How many 14 year olds will bounce into class on that first day, filled with expectations that somebody will be there to help them meet their optimistic expectations? Research shows that hope exists within more areas of the human brain than once recognized, so it only makes sense to ignite hope that comes to class that first day in secondary students.
In his book, The Anatomy of Hope, Dr. Jerome Groopman shows how desire and expectation hold compelling influences on people’s health and wellbeing. Will your first day of class motivate or crush fragile expectations?
Hope brings reality into sharp focus. (Jerome Groopman)
Like eagles beat the winds of the upper air, hope elevates young minds over panic, past anxiety, and beyond fears that fuel too many events in their sometimes turbulent lives.
In spite of dreadful learning experiences for some youth, hope increases thickness in the cerebral cortex, especially in areas of attention and sensation. Reconnect neurons of well-being, in that first week of class and you’ll add to the number of support cells in that domain, and expand blood vessels for hope during an entire term. ( http://www.brainleadersandlearners.com/serotonin/expect-neuron-pathways-to-solutions/ )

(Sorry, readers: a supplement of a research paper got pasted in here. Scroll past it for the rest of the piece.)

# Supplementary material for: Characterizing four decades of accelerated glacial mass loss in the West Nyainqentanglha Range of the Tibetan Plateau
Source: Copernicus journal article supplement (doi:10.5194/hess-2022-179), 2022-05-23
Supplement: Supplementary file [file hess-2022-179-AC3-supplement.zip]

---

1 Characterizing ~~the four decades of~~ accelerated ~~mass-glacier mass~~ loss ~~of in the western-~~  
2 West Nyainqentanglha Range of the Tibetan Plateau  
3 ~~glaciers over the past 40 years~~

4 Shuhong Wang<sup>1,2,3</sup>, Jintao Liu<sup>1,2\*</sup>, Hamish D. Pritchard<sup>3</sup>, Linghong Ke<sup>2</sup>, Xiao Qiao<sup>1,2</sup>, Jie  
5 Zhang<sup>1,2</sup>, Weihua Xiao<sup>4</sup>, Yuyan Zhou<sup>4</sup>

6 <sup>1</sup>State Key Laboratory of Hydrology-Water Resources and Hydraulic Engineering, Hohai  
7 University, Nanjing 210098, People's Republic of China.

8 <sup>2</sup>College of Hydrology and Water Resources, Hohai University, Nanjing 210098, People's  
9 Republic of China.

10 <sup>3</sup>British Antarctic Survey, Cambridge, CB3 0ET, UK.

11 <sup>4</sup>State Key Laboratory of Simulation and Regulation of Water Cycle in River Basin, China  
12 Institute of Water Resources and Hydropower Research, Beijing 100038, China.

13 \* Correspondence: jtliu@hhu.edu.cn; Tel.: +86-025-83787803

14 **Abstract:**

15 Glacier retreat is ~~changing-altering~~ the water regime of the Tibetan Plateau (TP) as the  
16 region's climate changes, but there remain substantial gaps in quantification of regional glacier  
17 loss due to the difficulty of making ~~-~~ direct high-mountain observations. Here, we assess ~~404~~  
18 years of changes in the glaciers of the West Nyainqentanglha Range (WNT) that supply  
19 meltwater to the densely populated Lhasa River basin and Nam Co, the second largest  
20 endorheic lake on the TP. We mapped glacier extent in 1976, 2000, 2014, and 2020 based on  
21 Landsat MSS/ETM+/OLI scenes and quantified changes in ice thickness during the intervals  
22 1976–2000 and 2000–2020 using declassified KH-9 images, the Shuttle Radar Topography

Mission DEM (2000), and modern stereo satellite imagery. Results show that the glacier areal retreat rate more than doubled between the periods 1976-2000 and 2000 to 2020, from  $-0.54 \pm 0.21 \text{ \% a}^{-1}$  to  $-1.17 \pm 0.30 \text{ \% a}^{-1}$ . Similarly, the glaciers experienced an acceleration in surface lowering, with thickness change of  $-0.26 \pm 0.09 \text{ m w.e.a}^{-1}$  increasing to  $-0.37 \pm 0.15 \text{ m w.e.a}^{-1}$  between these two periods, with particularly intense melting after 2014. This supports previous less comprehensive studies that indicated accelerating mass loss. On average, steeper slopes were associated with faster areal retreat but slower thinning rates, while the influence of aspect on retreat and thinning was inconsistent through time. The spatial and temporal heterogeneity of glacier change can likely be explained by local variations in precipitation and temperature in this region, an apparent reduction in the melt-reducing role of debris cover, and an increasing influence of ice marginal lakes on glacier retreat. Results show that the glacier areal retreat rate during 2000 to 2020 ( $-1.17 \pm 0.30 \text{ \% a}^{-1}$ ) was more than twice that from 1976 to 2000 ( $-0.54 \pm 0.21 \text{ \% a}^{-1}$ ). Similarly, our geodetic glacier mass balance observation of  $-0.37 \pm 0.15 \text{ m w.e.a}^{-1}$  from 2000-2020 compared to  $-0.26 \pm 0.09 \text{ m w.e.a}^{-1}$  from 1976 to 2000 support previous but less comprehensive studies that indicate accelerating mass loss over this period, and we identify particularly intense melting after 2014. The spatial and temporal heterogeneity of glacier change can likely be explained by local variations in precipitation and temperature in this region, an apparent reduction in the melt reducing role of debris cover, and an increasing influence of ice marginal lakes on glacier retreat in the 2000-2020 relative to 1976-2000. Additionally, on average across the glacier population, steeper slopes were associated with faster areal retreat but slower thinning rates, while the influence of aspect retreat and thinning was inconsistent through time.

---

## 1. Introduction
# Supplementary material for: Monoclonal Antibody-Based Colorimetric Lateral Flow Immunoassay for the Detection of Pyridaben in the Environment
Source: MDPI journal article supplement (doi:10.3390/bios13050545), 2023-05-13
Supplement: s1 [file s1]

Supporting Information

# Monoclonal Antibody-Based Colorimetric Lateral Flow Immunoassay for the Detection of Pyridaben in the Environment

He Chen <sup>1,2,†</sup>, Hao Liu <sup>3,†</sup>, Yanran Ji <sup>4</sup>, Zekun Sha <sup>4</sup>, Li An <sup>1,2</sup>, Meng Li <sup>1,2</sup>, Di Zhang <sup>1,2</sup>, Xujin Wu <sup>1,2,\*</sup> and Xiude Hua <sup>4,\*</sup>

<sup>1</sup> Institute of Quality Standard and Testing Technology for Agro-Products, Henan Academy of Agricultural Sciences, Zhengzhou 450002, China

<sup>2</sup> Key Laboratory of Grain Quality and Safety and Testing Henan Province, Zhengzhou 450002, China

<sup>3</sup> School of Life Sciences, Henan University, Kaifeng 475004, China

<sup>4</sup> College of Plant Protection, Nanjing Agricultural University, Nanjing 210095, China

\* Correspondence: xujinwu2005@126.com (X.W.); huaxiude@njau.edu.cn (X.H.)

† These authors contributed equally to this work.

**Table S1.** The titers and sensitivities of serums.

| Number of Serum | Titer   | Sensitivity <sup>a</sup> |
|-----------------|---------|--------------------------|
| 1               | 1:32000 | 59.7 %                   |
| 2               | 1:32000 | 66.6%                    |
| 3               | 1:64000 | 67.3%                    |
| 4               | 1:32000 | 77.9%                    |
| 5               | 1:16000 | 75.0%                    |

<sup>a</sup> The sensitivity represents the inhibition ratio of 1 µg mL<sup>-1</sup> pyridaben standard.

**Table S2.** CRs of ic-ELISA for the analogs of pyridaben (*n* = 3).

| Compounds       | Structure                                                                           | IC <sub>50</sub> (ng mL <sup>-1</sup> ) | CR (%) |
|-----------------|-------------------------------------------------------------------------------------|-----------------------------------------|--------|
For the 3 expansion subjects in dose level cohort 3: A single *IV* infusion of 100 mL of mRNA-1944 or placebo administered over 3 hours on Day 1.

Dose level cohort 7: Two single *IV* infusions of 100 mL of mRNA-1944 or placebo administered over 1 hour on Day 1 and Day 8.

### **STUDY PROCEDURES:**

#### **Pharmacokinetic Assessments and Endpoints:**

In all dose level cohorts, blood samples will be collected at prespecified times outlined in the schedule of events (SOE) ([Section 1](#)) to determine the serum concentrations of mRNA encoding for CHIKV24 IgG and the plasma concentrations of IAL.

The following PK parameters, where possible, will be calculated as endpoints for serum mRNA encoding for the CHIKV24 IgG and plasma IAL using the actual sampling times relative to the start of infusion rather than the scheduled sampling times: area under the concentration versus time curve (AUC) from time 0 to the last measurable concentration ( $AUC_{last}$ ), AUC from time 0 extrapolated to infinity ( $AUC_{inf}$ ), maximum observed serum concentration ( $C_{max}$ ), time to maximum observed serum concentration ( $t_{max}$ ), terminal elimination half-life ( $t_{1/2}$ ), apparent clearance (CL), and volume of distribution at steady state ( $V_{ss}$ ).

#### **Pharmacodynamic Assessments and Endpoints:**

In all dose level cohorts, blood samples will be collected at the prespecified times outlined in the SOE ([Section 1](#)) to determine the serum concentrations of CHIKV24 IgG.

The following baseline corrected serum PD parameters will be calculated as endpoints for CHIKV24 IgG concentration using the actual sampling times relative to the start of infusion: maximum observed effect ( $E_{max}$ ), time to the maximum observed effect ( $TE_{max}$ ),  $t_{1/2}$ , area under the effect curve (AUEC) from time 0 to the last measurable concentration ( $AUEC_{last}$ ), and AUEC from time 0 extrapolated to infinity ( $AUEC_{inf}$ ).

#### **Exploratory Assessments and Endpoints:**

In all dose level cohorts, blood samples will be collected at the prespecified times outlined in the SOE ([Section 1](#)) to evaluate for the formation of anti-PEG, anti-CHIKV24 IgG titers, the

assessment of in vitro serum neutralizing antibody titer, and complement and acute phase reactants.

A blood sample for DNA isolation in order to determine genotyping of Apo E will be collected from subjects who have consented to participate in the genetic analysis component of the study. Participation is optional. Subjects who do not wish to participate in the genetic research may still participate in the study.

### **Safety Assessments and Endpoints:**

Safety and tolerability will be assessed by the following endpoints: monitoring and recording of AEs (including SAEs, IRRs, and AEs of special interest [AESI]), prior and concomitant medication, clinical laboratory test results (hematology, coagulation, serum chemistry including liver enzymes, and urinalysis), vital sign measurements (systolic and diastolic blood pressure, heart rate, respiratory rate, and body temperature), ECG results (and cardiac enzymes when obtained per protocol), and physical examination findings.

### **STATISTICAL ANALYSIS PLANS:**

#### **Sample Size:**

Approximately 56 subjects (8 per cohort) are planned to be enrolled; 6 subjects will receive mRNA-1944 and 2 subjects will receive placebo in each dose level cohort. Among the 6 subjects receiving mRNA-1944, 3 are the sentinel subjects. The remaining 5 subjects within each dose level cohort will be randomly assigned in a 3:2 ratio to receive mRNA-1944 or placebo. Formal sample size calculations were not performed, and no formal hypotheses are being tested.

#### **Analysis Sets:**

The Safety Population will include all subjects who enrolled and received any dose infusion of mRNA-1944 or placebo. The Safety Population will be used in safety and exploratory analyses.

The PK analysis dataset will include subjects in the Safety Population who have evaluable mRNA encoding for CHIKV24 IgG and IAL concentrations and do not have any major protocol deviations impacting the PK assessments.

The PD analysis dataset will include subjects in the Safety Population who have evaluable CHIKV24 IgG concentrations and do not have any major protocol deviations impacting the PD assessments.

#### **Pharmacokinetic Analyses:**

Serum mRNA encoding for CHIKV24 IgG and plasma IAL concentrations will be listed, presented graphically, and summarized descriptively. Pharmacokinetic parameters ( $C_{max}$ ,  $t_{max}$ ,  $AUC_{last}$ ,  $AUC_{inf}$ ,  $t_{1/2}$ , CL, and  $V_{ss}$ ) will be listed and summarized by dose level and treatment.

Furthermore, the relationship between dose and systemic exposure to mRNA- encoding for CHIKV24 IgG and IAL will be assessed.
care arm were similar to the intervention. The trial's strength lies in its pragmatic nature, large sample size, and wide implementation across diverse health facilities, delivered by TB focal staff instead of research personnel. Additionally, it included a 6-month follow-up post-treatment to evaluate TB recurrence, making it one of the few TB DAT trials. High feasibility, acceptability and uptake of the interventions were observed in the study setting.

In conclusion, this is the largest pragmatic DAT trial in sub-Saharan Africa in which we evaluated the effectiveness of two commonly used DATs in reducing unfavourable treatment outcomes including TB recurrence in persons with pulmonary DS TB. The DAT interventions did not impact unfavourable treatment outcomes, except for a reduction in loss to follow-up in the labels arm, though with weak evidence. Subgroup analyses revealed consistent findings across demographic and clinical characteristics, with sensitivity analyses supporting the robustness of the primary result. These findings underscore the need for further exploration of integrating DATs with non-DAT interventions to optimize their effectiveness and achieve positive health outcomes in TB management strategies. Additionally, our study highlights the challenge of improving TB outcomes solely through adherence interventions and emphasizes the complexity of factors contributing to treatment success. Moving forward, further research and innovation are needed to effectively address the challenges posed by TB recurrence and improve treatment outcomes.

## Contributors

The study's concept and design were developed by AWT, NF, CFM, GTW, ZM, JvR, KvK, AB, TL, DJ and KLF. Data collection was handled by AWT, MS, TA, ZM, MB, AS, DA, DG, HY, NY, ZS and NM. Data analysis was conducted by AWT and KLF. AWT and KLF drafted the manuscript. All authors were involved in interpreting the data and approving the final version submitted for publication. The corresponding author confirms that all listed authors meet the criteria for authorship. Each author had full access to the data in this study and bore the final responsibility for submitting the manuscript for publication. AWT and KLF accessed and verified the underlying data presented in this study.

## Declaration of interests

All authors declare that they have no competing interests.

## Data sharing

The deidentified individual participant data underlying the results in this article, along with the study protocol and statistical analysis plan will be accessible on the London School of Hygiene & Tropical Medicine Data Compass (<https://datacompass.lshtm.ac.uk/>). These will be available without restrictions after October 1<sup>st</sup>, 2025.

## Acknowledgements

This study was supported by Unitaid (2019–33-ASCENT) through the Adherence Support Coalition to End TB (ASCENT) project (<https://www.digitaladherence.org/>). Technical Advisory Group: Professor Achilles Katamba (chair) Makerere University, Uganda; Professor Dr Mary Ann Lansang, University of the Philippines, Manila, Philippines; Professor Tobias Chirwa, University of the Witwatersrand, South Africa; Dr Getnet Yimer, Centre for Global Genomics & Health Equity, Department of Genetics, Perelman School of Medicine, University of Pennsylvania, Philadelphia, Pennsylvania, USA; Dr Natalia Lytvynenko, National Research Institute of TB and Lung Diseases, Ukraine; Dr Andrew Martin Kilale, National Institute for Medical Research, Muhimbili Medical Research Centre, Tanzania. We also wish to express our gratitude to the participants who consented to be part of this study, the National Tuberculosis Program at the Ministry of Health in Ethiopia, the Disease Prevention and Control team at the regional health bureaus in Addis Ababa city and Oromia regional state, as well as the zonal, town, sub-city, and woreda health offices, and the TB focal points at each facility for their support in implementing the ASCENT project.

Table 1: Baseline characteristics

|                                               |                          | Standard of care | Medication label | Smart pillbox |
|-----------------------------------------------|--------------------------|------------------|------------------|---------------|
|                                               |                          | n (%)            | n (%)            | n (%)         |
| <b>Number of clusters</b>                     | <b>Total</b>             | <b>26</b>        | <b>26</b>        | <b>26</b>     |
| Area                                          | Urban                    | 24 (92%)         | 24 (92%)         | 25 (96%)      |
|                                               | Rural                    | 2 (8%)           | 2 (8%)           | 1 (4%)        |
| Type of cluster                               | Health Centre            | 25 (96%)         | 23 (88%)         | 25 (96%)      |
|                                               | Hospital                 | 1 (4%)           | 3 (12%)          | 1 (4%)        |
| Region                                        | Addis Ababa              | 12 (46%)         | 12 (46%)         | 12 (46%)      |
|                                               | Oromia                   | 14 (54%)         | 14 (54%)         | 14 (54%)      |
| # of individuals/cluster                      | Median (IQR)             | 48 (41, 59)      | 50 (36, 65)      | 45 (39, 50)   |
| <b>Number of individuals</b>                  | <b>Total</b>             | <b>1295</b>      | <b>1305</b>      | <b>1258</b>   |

First day tasks can stir hope
1. Play classical music softly as they enter class. Musical intelligence increases sensitivity of the brain stem to the sounds and directions of wonder that follow.
2. Invite students to move, build, and handle objects skillfully. Movement intelligence stokes hope through increasing neurons in their hippocampus – where they call up trusted facts to improve their brain’s executive functions. Movement boosts moods and enables them to plan and organize far better results.
3.Teach teens to speak up and feel heard. Linguistic intelligence compels teens to question and to live insights experts write or speak concerning hope.
4. Guide learners to interview highly respected leaders. Interpersonal intelligence inspires youth to spend time with and learn from those who express hopeful ways to live.
5. Invite students to demonstrate a symbol from nature that illustrates a strength they hope to use in class. Naturalistic intelligence draws out hope in human brains, through its many rejuvenated colors and textures.
6. Help teens reach beyond a learning challenge for a tool they can use to win. Their brains come equipped with mathematical intelligence to discover hopeful solutions for problems they face.
Where will hope reside in your back to school story? More importantly, how will hope light new student pathways for the coming term?
Ellen Weber is a whole brain curriculum specialist at secondary and higher education. She works in secondary and college learning renewal where she has won awards internationally for her practical brain based Mita model to engage both sides of students’ brains.